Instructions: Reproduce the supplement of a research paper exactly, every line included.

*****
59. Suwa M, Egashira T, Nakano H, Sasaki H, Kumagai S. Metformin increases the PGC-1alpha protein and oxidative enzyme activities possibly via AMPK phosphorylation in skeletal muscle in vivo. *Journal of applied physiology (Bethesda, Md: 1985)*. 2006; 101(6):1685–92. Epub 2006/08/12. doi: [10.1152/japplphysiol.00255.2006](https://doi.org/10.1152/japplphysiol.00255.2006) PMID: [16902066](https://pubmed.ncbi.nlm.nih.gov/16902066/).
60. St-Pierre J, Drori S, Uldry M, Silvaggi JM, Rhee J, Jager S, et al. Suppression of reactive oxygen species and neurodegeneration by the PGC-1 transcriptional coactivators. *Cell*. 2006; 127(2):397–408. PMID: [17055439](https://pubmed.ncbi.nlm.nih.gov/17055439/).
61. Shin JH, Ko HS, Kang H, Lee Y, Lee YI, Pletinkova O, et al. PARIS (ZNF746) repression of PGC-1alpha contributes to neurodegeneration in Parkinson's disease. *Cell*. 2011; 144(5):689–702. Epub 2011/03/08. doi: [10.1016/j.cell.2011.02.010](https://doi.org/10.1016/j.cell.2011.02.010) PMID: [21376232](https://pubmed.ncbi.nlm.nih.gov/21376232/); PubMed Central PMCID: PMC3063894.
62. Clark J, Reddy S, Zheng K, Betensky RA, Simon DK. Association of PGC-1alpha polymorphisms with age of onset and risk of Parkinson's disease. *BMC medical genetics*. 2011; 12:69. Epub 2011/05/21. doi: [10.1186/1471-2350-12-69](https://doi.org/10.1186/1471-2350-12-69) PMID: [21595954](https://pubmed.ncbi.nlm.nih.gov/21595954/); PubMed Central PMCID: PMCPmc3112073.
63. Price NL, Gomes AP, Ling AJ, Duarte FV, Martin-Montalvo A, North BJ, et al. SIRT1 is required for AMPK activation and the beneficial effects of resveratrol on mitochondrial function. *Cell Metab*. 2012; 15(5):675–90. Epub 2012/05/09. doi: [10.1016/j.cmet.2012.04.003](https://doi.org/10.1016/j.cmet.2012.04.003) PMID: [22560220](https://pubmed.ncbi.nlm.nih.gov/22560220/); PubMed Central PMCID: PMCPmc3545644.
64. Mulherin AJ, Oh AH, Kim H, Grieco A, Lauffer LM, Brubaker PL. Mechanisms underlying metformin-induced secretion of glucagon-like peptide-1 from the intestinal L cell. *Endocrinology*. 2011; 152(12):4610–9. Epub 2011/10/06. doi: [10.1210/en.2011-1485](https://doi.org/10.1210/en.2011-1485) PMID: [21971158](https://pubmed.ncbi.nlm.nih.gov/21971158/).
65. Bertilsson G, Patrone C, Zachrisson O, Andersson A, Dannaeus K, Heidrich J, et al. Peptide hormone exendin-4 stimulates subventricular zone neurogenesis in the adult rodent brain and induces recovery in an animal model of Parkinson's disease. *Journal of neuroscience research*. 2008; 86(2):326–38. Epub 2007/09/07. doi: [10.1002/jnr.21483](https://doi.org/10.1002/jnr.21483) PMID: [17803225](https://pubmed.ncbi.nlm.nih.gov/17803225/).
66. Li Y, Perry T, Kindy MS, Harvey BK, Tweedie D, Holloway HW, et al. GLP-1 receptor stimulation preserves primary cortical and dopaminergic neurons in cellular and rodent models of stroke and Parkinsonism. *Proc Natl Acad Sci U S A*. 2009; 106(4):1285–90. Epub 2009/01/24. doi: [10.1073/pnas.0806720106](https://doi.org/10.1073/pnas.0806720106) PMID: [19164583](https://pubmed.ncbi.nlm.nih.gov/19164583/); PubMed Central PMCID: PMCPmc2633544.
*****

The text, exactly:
59. Suwa M, Egashira T, Nakano H, Sasaki H, Kumagai S. Metformin increases the PGC-1alpha protein and oxidative enzyme activities possibly via AMPK phosphorylation in skeletal muscle in vivo. *Journal of applied physiology (Bethesda, Md: 1985)*. 2006; 101(6):1685–92. Epub 2006/08/12. doi: [10.1152/japplphysiol.00255.2006](https://doi.org/10.1152/japplphysiol.00255.2006) PMID: [16902066](https://pubmed.ncbi.nlm.nih.gov/16902066/).
60. St-Pierre J, Drori S, Uldry M, Silvaggi JM, Rhee J, Jager S, et al. Suppression of reactive oxygen species and neurodegeneration by the PGC-1 transcriptional coactivators. *Cell*. 2006; 127(2):397–408. PMID: [17055439](https://pubmed.ncbi.nlm.nih.gov/17055439/).
61. Shin JH, Ko HS, Kang H, Lee Y, Lee YI, Pletinkova O, et al. PARIS (ZNF746) repression of PGC-1alpha contributes to neurodegeneration in Parkinson's disease. *Cell*. 2011; 144(5):689–702. Epub 2011/03/08. doi: [10.1016/j.cell.2011.02.010](https://doi.org/10.1016/j.cell.2011.02.010) PMID: [21376232](https://pubmed.ncbi.nlm.nih.gov/21376232/); PubMed Central PMCID: PMC3063894.
62. Clark J, Reddy S, Zheng K, Betensky RA, Simon DK. Association of PGC-1alpha polymorphisms with age of onset and risk of Parkinson's disease. *BMC medical genetics*. 2011; 12:69. Epub 2011/05/21. doi: [10.1186/1471-2350-12-69](https://doi.org/10.1186/1471-2350-12-69) PMID: [21595954](https://pubmed.ncbi.nlm.nih.gov/21595954/); PubMed Central PMCID: PMCPmc3112073.
63. Price NL, Gomes AP, Ling AJ, Duarte FV, Martin-Montalvo A, North BJ, et al. SIRT1 is required for AMPK activation and the beneficial effects of resveratrol on mitochondrial function. *Cell Metab*. 2012; 15(5):675–90. Epub 2012/05/09. doi: [10.1016/j.cmet.2012.04.003](https://doi.org/10.1016/j.cmet.2012.04.003) PMID: [22560220](https://pubmed.ncbi.nlm.nih.gov/22560220/); PubMed Central PMCID: PMCPmc3545644.
64. Mulherin AJ, Oh AH, Kim H, Grieco A, Lauffer LM, Brubaker PL. Mechanisms underlying metformin-induced secretion of glucagon-like peptide-1 from the intestinal L cell. *Endocrinology*. 2011; 152(12):4610–9. Epub 2011/10/06. doi: [10.1210/en.2011-1485](https://doi.org/10.1210/en.2011-1485) PMID: [21971158](https://pubmed.ncbi.nlm.nih.gov/21971158/).
65. Bertilsson G, Patrone C, Zachrisson O, Andersson A, Dannaeus K, Heidrich J, et al. Peptide hormone exendin-4 stimulates subventricular zone neurogenesis in the adult rodent brain and induces recovery in an animal model of Parkinson's disease. *Journal of neuroscience research*. 2008; 86(2):326–38. Epub 2007/09/07. doi: [10.1002/jnr.21483](https://doi.org/10.1002/jnr.21483) PMID: [17803225](https://pubmed.ncbi.nlm.nih.gov/17803225/).
66. Li Y, Perry T, Kindy MS, Harvey BK, Tweedie D, Holloway HW, et al. GLP-1 receptor stimulation preserves primary cortical and dopaminergic neurons in cellular and rodent models of stroke and Parkinsonism. *Proc Natl Acad Sci U S A*. 2009; 106(4):1285–90. Epub 2009/01/24. doi: [10.1073/pnas.0806720106](https://doi.org/10.1073/pnas.0806720106) PMID: [19164583](https://pubmed.ncbi.nlm.nih.gov/19164583/); PubMed Central PMCID: PMCPmc2633544.